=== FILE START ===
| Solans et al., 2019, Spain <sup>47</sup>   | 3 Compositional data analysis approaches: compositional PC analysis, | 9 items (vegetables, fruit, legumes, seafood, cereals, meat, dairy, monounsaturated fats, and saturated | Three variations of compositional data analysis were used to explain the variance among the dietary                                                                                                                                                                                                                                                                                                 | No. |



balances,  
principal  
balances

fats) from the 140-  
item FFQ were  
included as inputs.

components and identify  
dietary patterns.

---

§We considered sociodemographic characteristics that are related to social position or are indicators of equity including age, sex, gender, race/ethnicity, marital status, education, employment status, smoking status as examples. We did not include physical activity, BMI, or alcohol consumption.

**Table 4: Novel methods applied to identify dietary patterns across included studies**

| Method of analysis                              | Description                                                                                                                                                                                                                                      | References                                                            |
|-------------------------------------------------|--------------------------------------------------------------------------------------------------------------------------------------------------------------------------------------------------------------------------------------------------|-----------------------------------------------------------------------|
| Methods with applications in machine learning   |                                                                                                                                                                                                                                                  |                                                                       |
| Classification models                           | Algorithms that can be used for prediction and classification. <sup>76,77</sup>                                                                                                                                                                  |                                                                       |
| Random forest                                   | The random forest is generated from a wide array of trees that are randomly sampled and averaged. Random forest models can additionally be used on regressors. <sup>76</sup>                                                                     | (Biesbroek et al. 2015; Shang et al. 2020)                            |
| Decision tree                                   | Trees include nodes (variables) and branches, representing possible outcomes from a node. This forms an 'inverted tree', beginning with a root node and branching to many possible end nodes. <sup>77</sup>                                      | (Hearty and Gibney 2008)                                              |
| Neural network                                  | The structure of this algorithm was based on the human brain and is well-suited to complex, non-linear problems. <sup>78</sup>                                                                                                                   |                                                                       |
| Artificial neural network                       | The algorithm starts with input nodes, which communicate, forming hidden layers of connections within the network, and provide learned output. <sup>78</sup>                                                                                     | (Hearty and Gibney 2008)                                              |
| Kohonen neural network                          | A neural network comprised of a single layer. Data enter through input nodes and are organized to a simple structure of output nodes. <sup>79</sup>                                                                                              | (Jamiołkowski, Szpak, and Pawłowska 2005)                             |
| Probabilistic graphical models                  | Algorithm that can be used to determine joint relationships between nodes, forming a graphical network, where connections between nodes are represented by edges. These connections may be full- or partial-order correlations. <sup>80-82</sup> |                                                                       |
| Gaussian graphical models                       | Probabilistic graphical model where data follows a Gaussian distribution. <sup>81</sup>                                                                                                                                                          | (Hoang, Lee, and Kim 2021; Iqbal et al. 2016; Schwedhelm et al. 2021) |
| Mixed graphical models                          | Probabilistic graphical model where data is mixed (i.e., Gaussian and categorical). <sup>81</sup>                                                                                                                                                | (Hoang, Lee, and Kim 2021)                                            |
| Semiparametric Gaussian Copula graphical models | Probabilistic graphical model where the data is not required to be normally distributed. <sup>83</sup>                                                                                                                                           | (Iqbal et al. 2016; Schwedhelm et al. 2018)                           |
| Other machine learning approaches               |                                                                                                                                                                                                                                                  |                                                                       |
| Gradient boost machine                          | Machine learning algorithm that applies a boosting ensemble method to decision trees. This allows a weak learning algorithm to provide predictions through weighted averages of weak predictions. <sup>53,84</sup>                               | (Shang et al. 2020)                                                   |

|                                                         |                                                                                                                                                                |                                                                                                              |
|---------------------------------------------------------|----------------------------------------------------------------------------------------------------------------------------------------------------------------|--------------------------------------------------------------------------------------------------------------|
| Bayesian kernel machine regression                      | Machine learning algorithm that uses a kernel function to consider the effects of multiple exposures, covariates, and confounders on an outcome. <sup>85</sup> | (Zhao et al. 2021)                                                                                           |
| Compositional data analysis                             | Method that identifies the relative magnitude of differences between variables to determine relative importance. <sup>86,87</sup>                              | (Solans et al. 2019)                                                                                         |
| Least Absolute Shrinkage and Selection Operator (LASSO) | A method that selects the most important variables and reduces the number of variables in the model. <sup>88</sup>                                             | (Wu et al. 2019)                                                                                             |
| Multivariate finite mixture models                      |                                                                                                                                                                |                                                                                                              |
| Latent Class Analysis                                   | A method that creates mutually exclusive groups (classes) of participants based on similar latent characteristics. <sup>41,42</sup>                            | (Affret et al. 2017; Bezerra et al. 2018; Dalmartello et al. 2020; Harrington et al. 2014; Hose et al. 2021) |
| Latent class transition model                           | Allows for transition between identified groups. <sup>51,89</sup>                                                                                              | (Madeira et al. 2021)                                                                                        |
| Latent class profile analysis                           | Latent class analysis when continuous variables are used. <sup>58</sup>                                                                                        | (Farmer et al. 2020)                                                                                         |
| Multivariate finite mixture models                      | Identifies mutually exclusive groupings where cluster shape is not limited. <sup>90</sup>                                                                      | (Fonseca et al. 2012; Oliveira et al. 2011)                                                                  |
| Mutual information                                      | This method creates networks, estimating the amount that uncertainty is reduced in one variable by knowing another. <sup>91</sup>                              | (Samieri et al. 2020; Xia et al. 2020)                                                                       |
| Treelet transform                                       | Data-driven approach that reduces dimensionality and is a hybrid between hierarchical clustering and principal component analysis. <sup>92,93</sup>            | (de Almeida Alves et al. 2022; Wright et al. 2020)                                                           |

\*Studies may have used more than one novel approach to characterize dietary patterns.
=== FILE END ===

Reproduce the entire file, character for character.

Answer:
| Solans et al., 2019, Spain <sup>47</sup>   | 3 Compositional data analysis approaches: compositional PC analysis, | 9 items (vegetables, fruit, legumes, seafood, cereals, meat, dairy, monounsaturated fats, and saturated | Three variations of compositional data analysis were used to explain the variance among the dietary                                                                                                                                                                                                                                                                                                 | No. |



balances,  
principal  
balances

fats) from the 140-  
item FFQ were  
included as inputs.

components and identify  
dietary patterns.

---

§We considered sociodemographic characteristics that are related to social position or are indicators of equity including age, sex, gender, race/ethnicity, marital status, education, employment status, smoking status as examples. We did not include physical activity, BMI, or alcohol consumption.

**Table 4: Novel methods applied to identify dietary patterns across included studies**

| Method of analysis                              | Description                                                                                                                                                                                                                                      | References                                                            |
|-------------------------------------------------|--------------------------------------------------------------------------------------------------------------------------------------------------------------------------------------------------------------------------------------------------|-----------------------------------------------------------------------|
| Methods with applications in machine learning   |                                                                                                                                                                                                                                                  |                                                                       |
| Classification models                           | Algorithms that can be used for prediction and classification. <sup>76,77</sup>                                                                                                                                                                  |                                                                       |
| Random forest                                   | The random forest is generated from a wide array of trees that are randomly sampled and averaged. Random forest models can additionally be used on regressors. <sup>76</sup>                                                                     | (Biesbroek et al. 2015; Shang et al. 2020)                            |
| Decision tree                                   | Trees include nodes (variables) and branches, representing possible outcomes from a node. This forms an 'inverted tree', beginning with a root node and branching to many possible end nodes. <sup>77</sup>                                      | (Hearty and Gibney 2008)                                              |
| Neural network                                  | The structure of this algorithm was based on the human brain and is well-suited to complex, non-linear problems. <sup>78</sup>                                                                                                                   |                                                                       |
| Artificial neural network                       | The algorithm starts with input nodes, which communicate, forming hidden layers of connections within the network, and provide learned output. <sup>78</sup>                                                                                     | (Hearty and Gibney 2008)                                              |
| Kohonen neural network                          | A neural network comprised of a single layer. Data enter through input nodes and are organized to a simple structure of output nodes. <sup>79</sup>                                                                                              | (Jamiołkowski, Szpak, and Pawłowska 2005)                             |
| Probabilistic graphical models                  | Algorithm that can be used to determine joint relationships between nodes, forming a graphical network, where connections between nodes are represented by edges. These connections may be full- or partial-order correlations. <sup>80-82</sup> |                                                                       |
| Gaussian graphical models                       | Probabilistic graphical model where data follows a Gaussian distribution. <sup>81</sup>                                                                                                                                                          | (Hoang, Lee, and Kim 2021; Iqbal et al. 2016; Schwedhelm et al. 2021) |
| Mixed graphical models                          | Probabilistic graphical model where data is mixed (i.e., Gaussian and categorical). <sup>81</sup>                                                                                                                                                | (Hoang, Lee, and Kim 2021)                                            |
| Semiparametric Gaussian Copula graphical models | Probabilistic graphical model where the data is not required to be normally distributed. <sup>83</sup>                                                                                                                                           | (Iqbal et al. 2016; Schwedhelm et al. 2018)                           |
| Other machine learning approaches               |                                                                                                                                                                                                                                                  |                                                                       |
| Gradient boost machine                          | Machine learning algorithm that applies a boosting ensemble method to decision trees. This allows a weak learning algorithm to provide predictions through weighted averages of weak predictions. <sup>53,84</sup>                               | (Shang et al. 2020)                                                   |

|                                                         |                                                                                                                                                                |                                                                                                              |
|---------------------------------------------------------|----------------------------------------------------------------------------------------------------------------------------------------------------------------|--------------------------------------------------------------------------------------------------------------|
| Bayesian kernel machine regression                      | Machine learning algorithm that uses a kernel function to consider the effects of multiple exposures, covariates, and confounders on an outcome. <sup>85</sup> | (Zhao et al. 2021)                                                                                           |
| Compositional data analysis                             | Method that identifies the relative magnitude of differences between variables to determine relative importance. <sup>86,87</sup>                              | (Solans et al. 2019)                                                                                         |
| Least Absolute Shrinkage and Selection Operator (LASSO) | A method that selects the most important variables and reduces the number of variables in the model. <sup>88</sup>                                             | (Wu et al. 2019)                                                                                             |
| Multivariate finite mixture models                      |                                                                                                                                                                |                                                                                                              |
| Latent Class Analysis                                   | A method that creates mutually exclusive groups (classes) of participants based on similar latent characteristics. <sup>41,42</sup>                            | (Affret et al. 2017; Bezerra et al. 2018; Dalmartello et al. 2020; Harrington et al. 2014; Hose et al. 2021) |
| Latent class transition model                           | Allows for transition between identified groups. <sup>51,89</sup>                                                                                              | (Madeira et al. 2021)                                                                                        |
| Latent class profile analysis                           | Latent class analysis when continuous variables are used. <sup>58</sup>                                                                                        | (Farmer et al. 2020)                                                                                         |
| Multivariate finite mixture models                      | Identifies mutually exclusive groupings where cluster shape is not limited. <sup>90</sup>                                                                      | (Fonseca et al. 2012; Oliveira et al. 2011)                                                                  |
| Mutual information                                      | This method creates networks, estimating the amount that uncertainty is reduced in one variable by knowing another. <sup>91</sup>                              | (Samieri et al. 2020; Xia et al. 2020)                                                                       |
| Treelet transform                                       | Data-driven approach that reduces dimensionality and is a hybrid between hierarchical clustering and principal component analysis. <sup>92,93</sup>            | (de Almeida Alves et al. 2022; Wright et al. 2020)                                                           |

\*Studies may have used more than one novel approach to characterize dietary patterns.